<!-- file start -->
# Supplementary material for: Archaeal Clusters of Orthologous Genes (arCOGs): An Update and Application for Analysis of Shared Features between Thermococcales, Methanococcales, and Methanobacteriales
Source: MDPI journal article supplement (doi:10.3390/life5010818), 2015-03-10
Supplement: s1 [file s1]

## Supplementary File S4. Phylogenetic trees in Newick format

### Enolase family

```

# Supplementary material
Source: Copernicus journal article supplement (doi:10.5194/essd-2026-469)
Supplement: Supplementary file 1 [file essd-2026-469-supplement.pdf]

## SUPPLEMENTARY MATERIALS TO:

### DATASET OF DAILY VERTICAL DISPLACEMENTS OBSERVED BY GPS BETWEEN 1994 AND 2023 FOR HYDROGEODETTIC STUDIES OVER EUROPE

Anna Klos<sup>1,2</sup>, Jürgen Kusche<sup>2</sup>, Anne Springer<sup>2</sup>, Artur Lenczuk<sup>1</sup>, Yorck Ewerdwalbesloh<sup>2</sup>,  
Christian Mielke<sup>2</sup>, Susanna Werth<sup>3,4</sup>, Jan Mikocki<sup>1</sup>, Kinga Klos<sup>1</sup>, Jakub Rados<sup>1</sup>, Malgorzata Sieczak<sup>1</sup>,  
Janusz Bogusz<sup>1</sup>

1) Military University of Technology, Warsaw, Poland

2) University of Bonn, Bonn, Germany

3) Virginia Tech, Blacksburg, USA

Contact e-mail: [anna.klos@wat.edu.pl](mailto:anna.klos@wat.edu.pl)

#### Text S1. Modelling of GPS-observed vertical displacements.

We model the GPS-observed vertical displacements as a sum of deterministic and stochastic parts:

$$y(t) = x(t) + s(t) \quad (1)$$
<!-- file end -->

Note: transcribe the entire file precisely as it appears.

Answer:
# Supplementary material for: Archaeal Clusters of Orthologous Genes (arCOGs): An Update and Application for Analysis of Shared Features between Thermococcales, Methanococcales, and Methanobacteriales
Source: MDPI journal article supplement (doi:10.3390/life5010818), 2015-03-10
Supplement: s1 [file s1]

## Supplementary File S4. Phylogenetic trees in Newick format

### Enolase family

```

# Supplementary material
Source: Copernicus journal article supplement (doi:10.5194/essd-2026-469)
Supplement: Supplementary file 1 [file essd-2026-469-supplement.pdf]

## SUPPLEMENTARY MATERIALS TO:

### DATASET OF DAILY VERTICAL DISPLACEMENTS OBSERVED BY GPS BETWEEN 1994 AND 2023 FOR HYDROGEODETTIC STUDIES OVER EUROPE

Anna Klos<sup>1,2</sup>, Jürgen Kusche<sup>2</sup>, Anne Springer<sup>2</sup>, Artur Lenczuk<sup>1</sup>, Yorck Ewerdwalbesloh<sup>2</sup>,  
Christian Mielke<sup>2</sup>, Susanna Werth<sup>3,4</sup>, Jan Mikocki<sup>1</sup>, Kinga Klos<sup>1</sup>, Jakub Rados<sup>1</sup>, Malgorzata Sieczak<sup>1</sup>,  
Janusz Bogusz<sup>1</sup>

1) Military University of Technology, Warsaw, Poland

2) University of Bonn, Bonn, Germany

3) Virginia Tech, Blacksburg, USA

Contact e-mail: [anna.klos@wat.edu.pl](mailto:anna.klos@wat.edu.pl)

#### Text S1. Modelling of GPS-observed vertical displacements.

We model the GPS-observed vertical displacements as a sum of deterministic and stochastic parts:

$$y(t) = x(t) + s(t) \quad (1)$$